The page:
Unless it's Santa coming to visit, you're probably not going to welcome an intruder entering your home through the chimney.
It's not unusual for birds to get stuck in chimneys. That's where chimney swifts get their name! According to The Cornell Lab of Ornithology, chimney swifts primarily populate urban and suburban areas of the northeastern United States and Canada, migrating south to the Amazon Basin during the winter. These birds spend nearly all their time airborne, but when they land, they nestle into buildings' niches - particularly chimneys - to raise their young. This usually occurs in late spring to mid-summer.
Chimneys also make a cozy home for non-bird critters like raccoons and squirrels. And not every entrance is intentional. According to Cornell's All About Birds blog, "larger cavity-nesting birds like wood ducks and barn owls can fall down into a chimney" but can be too large to fly out.
To prevent birds from entering your chimney in the first place, make sure your chimney cap is fitted correctly and free of damage. Minor cracks can still let tiny birds through, and chimney swifts are known to gather in massive numbers, sometimes in the hundreds.
You should be prepared if you've dealt with swifts in the same chimney, as migratory birds nest in the same grounds annually. Even if you've removed them before, they'll likely try to make a return and will succeed if you haven't secured your property.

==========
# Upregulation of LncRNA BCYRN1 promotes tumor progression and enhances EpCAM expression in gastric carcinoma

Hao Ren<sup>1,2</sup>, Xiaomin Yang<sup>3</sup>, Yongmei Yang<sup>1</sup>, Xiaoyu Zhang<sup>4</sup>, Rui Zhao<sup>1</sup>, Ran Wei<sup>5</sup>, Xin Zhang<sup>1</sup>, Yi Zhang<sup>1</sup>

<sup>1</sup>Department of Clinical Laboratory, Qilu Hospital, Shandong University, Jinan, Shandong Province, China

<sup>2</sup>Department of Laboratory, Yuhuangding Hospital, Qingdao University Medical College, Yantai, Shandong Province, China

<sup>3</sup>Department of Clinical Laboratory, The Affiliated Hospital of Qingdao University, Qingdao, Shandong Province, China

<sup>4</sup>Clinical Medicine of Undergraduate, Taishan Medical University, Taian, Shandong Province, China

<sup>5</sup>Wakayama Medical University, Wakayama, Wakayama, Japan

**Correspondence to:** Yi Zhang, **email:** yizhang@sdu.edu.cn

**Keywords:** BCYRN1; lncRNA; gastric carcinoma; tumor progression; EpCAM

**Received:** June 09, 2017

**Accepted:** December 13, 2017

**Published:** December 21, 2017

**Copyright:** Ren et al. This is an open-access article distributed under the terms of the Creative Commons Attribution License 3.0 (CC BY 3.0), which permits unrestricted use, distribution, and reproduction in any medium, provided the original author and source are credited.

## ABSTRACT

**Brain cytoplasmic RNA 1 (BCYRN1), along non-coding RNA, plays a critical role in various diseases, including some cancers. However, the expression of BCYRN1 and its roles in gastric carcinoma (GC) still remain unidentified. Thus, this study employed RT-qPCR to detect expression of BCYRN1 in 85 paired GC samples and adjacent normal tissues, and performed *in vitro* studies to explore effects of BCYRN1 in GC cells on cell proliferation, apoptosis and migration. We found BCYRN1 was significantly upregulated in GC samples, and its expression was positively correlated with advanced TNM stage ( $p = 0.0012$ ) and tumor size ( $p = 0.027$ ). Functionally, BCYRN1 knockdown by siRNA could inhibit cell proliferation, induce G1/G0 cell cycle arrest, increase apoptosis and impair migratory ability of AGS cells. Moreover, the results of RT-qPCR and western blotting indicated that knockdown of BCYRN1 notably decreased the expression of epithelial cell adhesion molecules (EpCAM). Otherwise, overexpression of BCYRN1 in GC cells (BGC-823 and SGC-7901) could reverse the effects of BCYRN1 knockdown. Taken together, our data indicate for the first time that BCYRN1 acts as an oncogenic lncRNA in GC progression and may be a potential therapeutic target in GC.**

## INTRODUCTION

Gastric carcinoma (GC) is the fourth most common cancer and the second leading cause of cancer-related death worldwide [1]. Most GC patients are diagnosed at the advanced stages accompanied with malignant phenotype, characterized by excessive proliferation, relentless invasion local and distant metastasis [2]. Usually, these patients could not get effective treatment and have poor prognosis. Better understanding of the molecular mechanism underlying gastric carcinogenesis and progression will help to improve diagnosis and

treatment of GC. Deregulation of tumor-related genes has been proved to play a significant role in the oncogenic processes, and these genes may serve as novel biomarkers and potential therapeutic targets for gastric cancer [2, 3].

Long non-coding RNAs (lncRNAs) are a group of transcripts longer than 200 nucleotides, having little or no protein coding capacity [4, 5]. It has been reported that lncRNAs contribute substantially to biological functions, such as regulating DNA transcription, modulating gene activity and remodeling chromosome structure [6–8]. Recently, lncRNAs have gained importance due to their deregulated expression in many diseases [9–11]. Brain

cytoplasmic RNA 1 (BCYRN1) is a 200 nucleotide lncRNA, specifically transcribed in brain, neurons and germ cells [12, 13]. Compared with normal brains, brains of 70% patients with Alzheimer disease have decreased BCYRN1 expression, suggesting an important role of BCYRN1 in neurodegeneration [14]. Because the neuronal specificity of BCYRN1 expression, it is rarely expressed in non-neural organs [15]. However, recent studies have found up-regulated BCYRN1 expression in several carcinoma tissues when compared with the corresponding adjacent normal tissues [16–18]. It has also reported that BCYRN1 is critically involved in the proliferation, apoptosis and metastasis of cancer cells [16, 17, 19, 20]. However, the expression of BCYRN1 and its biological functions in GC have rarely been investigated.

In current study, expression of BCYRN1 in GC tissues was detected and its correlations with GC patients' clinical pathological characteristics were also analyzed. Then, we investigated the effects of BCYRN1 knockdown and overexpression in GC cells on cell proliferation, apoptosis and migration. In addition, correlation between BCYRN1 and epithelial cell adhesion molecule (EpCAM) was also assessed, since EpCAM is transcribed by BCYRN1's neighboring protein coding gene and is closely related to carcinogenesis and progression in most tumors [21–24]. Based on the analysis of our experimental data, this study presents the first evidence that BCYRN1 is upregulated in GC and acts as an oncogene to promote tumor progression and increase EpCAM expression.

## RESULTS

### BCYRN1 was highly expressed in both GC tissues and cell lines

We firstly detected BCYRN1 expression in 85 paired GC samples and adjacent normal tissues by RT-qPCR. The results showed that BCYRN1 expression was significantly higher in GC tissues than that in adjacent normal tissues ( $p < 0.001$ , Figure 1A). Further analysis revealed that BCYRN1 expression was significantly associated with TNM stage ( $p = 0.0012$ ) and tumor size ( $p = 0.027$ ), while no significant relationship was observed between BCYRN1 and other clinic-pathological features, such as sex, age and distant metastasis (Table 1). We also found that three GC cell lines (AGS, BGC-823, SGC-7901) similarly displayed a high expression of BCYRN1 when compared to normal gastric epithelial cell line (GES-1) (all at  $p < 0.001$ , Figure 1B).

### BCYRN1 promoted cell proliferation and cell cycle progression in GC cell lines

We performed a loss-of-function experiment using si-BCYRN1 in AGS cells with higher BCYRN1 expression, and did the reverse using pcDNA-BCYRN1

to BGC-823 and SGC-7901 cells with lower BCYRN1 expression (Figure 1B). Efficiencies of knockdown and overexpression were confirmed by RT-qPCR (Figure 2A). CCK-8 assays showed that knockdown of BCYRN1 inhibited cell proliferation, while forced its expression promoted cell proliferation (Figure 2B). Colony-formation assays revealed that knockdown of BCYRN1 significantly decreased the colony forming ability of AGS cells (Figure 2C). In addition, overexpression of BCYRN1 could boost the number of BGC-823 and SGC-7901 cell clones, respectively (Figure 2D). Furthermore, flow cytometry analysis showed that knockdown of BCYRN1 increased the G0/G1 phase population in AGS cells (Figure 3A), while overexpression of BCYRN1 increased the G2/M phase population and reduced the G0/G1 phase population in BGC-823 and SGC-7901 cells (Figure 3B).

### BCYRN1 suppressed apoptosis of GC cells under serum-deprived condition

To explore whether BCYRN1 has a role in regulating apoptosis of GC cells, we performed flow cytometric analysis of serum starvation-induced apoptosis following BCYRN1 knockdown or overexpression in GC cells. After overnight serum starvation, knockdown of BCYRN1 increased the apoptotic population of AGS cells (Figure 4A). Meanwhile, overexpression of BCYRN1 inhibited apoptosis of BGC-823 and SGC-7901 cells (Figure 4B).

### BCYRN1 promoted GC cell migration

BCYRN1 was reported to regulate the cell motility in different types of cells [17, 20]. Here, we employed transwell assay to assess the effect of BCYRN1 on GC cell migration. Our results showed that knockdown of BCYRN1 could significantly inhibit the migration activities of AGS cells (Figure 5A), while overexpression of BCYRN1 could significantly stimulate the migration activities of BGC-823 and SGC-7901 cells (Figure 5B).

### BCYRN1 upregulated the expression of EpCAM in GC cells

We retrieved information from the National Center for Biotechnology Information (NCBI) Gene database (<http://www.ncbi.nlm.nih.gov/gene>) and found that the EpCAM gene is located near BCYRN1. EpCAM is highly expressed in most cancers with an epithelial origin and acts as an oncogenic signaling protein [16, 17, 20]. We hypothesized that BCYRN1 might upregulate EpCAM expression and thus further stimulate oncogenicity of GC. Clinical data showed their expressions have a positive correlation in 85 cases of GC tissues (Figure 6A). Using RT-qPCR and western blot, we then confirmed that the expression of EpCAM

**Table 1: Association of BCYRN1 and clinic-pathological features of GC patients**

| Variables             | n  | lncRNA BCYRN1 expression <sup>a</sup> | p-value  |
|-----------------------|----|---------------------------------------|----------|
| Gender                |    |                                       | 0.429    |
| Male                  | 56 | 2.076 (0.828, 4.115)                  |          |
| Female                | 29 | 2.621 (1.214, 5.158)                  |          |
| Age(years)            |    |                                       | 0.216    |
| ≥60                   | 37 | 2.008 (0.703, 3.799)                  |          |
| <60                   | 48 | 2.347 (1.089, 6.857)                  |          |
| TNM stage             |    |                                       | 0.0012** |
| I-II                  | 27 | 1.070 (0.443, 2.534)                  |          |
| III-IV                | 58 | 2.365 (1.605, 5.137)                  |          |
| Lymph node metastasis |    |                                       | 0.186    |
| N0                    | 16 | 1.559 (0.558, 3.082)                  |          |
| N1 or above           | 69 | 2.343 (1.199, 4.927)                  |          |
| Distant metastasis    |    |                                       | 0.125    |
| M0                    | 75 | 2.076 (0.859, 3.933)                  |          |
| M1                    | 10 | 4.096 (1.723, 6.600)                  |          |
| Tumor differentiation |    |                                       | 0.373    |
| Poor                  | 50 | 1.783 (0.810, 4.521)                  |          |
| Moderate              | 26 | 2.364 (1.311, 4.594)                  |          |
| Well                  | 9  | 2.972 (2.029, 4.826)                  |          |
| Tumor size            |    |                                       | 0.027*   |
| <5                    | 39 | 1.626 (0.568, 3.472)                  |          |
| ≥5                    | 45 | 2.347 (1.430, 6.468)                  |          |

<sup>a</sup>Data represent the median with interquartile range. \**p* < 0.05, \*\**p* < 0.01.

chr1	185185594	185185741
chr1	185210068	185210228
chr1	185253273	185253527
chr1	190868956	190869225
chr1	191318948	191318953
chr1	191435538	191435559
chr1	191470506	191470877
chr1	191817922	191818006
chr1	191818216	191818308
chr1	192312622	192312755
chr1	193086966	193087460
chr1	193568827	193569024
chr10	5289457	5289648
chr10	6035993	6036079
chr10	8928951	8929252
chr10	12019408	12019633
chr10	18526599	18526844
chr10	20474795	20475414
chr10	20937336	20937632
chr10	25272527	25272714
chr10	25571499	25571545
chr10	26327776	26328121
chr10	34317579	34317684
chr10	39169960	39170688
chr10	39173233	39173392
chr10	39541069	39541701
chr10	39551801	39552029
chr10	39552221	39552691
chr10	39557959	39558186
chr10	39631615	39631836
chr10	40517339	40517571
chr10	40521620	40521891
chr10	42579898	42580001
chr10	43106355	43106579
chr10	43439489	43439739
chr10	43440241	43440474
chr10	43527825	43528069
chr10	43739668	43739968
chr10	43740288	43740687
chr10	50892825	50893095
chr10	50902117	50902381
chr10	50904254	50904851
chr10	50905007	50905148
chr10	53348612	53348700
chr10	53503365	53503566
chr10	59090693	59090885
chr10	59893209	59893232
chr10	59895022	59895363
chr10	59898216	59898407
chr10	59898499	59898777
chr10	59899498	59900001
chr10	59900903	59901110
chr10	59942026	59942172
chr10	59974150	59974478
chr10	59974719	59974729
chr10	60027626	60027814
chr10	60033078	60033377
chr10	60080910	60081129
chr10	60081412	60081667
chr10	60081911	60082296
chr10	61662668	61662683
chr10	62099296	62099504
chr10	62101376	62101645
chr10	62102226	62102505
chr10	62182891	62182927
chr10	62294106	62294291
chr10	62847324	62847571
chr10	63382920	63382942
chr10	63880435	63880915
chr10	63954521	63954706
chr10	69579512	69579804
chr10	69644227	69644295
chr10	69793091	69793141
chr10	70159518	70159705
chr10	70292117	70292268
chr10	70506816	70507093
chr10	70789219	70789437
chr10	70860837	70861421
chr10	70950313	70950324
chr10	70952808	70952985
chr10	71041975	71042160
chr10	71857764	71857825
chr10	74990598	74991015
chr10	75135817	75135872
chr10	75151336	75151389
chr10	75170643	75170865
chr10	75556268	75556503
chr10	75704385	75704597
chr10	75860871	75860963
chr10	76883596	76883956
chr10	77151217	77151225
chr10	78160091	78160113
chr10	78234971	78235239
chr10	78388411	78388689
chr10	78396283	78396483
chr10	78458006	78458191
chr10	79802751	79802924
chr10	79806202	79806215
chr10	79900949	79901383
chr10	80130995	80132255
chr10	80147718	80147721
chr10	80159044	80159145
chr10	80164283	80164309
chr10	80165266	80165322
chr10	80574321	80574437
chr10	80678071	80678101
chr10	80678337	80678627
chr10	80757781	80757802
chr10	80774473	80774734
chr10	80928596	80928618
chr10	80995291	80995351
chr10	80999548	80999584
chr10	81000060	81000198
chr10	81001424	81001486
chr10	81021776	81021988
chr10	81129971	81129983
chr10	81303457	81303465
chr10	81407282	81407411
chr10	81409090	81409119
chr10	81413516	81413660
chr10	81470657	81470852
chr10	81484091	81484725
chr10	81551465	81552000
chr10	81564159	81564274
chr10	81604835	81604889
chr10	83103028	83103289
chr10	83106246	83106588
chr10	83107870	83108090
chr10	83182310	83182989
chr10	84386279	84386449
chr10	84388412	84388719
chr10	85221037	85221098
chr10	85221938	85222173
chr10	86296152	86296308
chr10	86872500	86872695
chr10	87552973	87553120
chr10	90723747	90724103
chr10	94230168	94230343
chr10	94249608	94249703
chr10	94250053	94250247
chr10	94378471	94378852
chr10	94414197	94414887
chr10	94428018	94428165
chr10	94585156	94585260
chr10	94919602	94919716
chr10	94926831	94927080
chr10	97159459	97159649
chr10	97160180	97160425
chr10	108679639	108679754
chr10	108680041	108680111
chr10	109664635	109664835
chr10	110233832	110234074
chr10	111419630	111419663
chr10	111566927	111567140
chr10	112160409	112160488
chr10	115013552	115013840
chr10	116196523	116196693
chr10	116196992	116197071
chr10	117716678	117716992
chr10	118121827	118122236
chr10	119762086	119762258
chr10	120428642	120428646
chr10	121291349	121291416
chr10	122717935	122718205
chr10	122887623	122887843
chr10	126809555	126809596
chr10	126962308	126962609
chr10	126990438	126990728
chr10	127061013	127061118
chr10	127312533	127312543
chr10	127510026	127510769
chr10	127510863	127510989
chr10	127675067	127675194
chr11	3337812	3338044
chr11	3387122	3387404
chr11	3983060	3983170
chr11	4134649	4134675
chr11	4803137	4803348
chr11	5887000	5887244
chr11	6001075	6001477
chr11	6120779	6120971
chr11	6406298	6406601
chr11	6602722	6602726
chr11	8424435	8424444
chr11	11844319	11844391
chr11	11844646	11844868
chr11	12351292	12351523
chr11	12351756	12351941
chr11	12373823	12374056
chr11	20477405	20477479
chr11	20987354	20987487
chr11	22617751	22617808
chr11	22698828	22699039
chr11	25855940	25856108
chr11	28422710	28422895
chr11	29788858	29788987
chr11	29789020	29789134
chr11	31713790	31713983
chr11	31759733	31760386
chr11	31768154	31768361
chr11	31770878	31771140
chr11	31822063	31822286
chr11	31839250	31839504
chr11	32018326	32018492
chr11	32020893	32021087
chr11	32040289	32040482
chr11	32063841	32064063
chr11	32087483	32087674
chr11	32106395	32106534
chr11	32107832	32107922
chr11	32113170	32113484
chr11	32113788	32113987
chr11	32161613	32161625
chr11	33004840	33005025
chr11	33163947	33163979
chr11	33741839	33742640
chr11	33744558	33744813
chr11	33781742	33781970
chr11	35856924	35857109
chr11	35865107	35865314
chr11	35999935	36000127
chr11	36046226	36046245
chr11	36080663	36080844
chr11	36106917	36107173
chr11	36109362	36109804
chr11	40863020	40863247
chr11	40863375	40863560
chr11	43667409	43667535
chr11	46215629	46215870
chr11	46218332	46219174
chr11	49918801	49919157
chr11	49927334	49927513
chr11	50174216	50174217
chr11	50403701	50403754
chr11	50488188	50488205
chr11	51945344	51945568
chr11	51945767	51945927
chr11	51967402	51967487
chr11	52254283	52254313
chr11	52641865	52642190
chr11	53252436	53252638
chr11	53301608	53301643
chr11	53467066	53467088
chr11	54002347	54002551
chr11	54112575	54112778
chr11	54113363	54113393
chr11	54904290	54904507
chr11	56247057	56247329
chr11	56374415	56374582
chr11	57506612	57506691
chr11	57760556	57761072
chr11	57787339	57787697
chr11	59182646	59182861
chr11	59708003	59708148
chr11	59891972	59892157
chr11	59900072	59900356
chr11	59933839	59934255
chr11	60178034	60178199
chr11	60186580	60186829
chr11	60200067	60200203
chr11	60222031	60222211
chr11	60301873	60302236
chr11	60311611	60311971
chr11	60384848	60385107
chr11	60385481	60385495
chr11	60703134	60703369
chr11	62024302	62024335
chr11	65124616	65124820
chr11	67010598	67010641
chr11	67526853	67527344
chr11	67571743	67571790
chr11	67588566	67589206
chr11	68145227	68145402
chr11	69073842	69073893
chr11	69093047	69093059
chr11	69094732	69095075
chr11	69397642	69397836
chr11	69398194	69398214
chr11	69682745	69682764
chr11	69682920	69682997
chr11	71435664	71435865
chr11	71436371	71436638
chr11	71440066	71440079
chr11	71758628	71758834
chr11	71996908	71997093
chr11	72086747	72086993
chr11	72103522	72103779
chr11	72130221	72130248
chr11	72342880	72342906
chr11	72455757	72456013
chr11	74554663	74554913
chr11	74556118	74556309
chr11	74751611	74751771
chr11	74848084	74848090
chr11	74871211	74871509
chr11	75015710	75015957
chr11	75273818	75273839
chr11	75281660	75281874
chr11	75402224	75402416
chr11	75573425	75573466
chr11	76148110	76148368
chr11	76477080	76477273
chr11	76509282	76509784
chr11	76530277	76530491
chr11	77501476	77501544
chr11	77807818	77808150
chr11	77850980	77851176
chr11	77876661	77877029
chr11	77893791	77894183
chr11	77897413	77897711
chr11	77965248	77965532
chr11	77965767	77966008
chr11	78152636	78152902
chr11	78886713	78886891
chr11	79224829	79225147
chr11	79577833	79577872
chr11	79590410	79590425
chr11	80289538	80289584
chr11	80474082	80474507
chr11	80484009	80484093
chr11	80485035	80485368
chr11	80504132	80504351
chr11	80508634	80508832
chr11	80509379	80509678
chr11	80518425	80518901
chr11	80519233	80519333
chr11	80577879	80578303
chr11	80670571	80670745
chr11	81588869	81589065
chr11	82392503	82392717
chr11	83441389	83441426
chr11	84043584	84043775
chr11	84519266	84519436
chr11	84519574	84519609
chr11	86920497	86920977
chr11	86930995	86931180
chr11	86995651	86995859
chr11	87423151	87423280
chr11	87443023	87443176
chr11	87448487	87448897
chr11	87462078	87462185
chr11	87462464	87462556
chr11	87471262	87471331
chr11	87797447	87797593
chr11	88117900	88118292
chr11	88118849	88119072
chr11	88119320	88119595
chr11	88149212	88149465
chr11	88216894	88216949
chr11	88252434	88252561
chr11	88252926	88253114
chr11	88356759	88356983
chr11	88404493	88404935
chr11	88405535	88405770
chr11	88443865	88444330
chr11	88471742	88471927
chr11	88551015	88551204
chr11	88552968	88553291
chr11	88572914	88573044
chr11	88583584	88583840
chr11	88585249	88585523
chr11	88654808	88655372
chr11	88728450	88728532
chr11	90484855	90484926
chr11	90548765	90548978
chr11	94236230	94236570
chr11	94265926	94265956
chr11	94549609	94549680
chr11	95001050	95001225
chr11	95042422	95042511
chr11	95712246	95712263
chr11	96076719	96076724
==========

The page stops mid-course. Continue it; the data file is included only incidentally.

If you suspect you don't have chimney swifts but a bird trapped involuntarily, the Cornell Lab suggests a DIY way to free it. Turn off all the lights in your house, leave a door open to the outside, and open the flue. Hopefully, the stuck bird will follow the light and fly outside. If this doesn't work, contact your local wildlife rehabilitator for assistance.
Unfortunately, if these are chimney swifts nesting in your chimney, there is little you can do until they leave the nest. The Federal Migratory Bird Treaty Act protects chimney swifts, and you cannot legally interfere with the birds or their nests without breaking federal law. But thankfully, the chimney swift's nesting cycle is one of the shortest, and its young will depart after about six weeks of nesting. Hang tight and tolerate your chirping chimney until then!
To keep these and other animals out of your chimney before nesting can start, you should schedule an annual inspection and sweep with a Chimney Safety Institute of America-certified chimney sweep. Make this call during the fall, as chimney swifts have already begun migrating south. Dirty chimneys cause most chimney fires, and feathers, nesting materials, and droppings all contribute to this danger. Chimney flues also make a cozy home for non-bird critters like raccoons and squirrels; their fur can add to the mess. Chimney fires are nearly all preventable - one easy phone call and inspection may prevent a massive tragedy.
If bird problems persist, contact AviAway for a free quote. We will assess the damage and the threats birds present to your property and formulate a plan to deter and exclude them safely and effectively.
And it may seem obvious, but it still must be said: do NOT use your fireplace if you suspect a bird is inside.